We wanted to sell the property for $65k. But, we knew that people may lowball us, so we listed it for $75k. TBH, I’m not sure if it would have even appraised that high from a bank, but we listed it there anyway. You can always decrease your price later, you can’t increase it.
Investors interested in buying ‘turnkey’ properties are buying for cashflow. Because the rents were pretty high for the area ($775/m) and a lease was already in place, we were able to achieve close to our asking price. We sold for $74,000. This additional profit went straight to me and Andy’s pockets. Amazing.
Rehab + ‘other fees’ were overbudget:
I know, I know, I’m complaining about being a few hundred dollars over the rehab budget… But, remember this is the #1 reason house flippers fail. They underestimate the rehab budget. Although a small amount, this annoys me and we might want to build a bigger buffer in next time to account for re-doing work or inspections for Sec 8 tenants.
I feel a tiny bit guilty:
Deep down inside I’m wrestling with the guilty feeling of making a large amount of money and doing a relatively low amount work. I was raised to be a hard worker, hands on, pulling my weight with everyone else. I was taught to pay everyone else the bigger share, and take less myself. In this project I made the most money out of everyone, and did no work.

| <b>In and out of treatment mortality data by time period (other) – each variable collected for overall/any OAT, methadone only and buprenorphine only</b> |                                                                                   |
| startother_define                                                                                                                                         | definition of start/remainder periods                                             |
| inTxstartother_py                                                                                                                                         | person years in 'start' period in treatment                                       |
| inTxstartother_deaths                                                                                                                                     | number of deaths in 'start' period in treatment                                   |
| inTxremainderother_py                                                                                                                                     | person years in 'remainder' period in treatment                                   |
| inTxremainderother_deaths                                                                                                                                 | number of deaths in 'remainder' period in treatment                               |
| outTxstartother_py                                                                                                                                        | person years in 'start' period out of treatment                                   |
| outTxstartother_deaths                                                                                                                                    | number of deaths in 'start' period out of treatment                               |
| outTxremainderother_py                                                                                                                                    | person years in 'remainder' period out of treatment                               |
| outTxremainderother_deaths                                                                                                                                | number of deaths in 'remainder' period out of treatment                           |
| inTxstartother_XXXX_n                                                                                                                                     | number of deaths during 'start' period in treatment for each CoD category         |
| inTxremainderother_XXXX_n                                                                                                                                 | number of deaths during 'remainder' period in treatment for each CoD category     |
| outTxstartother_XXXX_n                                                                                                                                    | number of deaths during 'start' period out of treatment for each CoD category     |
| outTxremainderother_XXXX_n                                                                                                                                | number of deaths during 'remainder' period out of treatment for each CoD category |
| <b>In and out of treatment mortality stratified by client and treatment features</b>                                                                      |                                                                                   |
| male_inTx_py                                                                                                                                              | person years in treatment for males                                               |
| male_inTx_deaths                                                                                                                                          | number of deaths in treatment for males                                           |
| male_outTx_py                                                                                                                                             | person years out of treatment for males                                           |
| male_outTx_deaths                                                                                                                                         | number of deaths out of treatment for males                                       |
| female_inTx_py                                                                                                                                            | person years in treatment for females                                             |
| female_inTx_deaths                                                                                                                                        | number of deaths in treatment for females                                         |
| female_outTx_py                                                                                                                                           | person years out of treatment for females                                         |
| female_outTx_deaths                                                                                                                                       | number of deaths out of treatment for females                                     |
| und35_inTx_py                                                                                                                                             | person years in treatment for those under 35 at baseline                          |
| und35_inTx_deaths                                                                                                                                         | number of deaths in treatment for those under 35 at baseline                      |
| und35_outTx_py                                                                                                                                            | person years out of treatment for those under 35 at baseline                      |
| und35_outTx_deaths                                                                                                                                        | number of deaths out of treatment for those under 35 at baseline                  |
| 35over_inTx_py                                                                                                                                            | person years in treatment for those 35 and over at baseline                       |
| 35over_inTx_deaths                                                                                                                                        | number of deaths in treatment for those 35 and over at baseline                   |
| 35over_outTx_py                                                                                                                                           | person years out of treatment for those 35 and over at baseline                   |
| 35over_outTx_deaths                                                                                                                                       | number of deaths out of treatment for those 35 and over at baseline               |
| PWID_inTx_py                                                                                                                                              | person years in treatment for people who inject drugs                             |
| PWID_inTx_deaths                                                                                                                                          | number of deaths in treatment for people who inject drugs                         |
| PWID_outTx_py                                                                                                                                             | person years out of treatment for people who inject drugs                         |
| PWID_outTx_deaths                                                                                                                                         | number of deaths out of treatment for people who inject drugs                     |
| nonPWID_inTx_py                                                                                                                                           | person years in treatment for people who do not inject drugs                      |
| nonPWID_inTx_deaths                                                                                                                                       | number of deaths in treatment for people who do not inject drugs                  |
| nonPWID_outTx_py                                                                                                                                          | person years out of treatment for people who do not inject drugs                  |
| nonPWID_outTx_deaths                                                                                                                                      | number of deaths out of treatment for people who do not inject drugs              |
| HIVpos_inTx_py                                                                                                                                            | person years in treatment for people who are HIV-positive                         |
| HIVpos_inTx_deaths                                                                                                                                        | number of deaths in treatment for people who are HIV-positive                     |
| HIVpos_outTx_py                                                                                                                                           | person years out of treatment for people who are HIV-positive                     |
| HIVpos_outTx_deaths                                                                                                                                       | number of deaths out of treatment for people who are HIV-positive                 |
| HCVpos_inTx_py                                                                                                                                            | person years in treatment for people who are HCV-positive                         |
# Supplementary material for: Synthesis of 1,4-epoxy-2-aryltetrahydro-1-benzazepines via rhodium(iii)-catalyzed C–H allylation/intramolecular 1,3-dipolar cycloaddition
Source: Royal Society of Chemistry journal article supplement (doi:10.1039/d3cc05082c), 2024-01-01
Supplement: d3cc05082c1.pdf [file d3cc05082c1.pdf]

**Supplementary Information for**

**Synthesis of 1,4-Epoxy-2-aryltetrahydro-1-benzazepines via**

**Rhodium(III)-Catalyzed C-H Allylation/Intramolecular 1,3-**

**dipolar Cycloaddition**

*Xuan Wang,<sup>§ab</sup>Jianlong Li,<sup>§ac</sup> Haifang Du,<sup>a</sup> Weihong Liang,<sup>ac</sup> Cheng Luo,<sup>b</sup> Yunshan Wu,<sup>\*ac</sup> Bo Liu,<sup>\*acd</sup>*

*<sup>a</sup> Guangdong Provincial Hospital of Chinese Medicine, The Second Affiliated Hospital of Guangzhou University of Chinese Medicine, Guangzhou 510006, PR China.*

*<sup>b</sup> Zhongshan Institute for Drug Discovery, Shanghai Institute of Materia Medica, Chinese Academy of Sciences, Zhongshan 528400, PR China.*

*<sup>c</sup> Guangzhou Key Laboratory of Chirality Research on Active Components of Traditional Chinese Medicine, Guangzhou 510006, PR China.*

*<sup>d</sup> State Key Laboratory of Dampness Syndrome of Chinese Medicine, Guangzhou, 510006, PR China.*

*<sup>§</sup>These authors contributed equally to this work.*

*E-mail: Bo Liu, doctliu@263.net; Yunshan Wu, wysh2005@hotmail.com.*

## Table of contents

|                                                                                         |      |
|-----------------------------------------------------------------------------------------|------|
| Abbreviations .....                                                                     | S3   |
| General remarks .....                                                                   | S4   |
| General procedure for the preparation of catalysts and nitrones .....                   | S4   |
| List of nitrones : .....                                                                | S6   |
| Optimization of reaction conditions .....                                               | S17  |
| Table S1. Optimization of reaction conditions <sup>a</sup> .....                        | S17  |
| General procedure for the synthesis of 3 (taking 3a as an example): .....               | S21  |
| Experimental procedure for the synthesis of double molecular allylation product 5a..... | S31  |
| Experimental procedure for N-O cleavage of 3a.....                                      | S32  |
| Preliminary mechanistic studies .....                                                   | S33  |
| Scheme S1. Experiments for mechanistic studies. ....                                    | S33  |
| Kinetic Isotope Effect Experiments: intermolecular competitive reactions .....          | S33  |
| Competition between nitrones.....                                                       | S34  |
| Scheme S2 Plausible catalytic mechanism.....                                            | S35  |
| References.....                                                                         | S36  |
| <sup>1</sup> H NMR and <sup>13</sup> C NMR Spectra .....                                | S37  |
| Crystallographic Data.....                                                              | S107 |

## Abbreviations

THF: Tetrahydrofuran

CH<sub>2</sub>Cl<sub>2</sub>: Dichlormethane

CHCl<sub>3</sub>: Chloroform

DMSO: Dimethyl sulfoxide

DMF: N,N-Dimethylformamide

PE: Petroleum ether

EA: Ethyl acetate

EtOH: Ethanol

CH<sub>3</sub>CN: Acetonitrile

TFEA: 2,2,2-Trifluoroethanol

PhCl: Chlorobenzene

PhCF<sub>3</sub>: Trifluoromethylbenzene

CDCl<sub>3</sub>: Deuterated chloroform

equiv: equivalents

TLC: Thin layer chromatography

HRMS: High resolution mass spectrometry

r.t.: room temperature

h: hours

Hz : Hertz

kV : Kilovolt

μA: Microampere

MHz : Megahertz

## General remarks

But, reminding myself of these points makes me feel better:
Without me funding the project, nobody else would have the job.
I helped provide a beautiful new home to a family that is in need.
I helped provide value to the community by increasing their neighborhood comps, and updating houses that would otherwise be neglected.
Another investor now has a cashflowing rental property in his portfolio. He’s making $775/m from a lease that my team put in place.
It’s OK to make money by working smarter, not harder.
I took on the most risk, so I should be paid the most reward, right?
Yes, deals like this are available to all. The reason I found this deal is because I knew about it in the first place. Networking and meeting people who are doing deals is the first step to knowing about opportunities. There are a ton of people out there hoping to partner up with investors, and they are wanting to connect with you.
Also, to take advantage of this deal I had to:
Know a little bit about real estate. It’s pretty easy to learn, you do not have to be an expert. But you have to know some lingo to let people know you are serious. ARV = After Repair Value. Stuff like that.
Have access to cash, and be ready to wire funds within 72 hours. If you don’t have money, you can’t invest in all cash projects.
Have investment goals and analyze deals against those goals. Must be able to do this is a relatively quick manner.
There are hundreds of “Andys” out there. They all hang out at local real estate meetup groups, online forums, and go to conferences. Meeting them is just a matter of putting yourself out there.
Join BiggerPockets.com (it’s free), read some of the forum posts, and reach out to the people that interest you. Earlier this year I sent a private message to Andy introducing myself and asking for a 15 minute phone call to pick his brain. This private message that was only 3 sentences long lead to me doing this flip deal with him.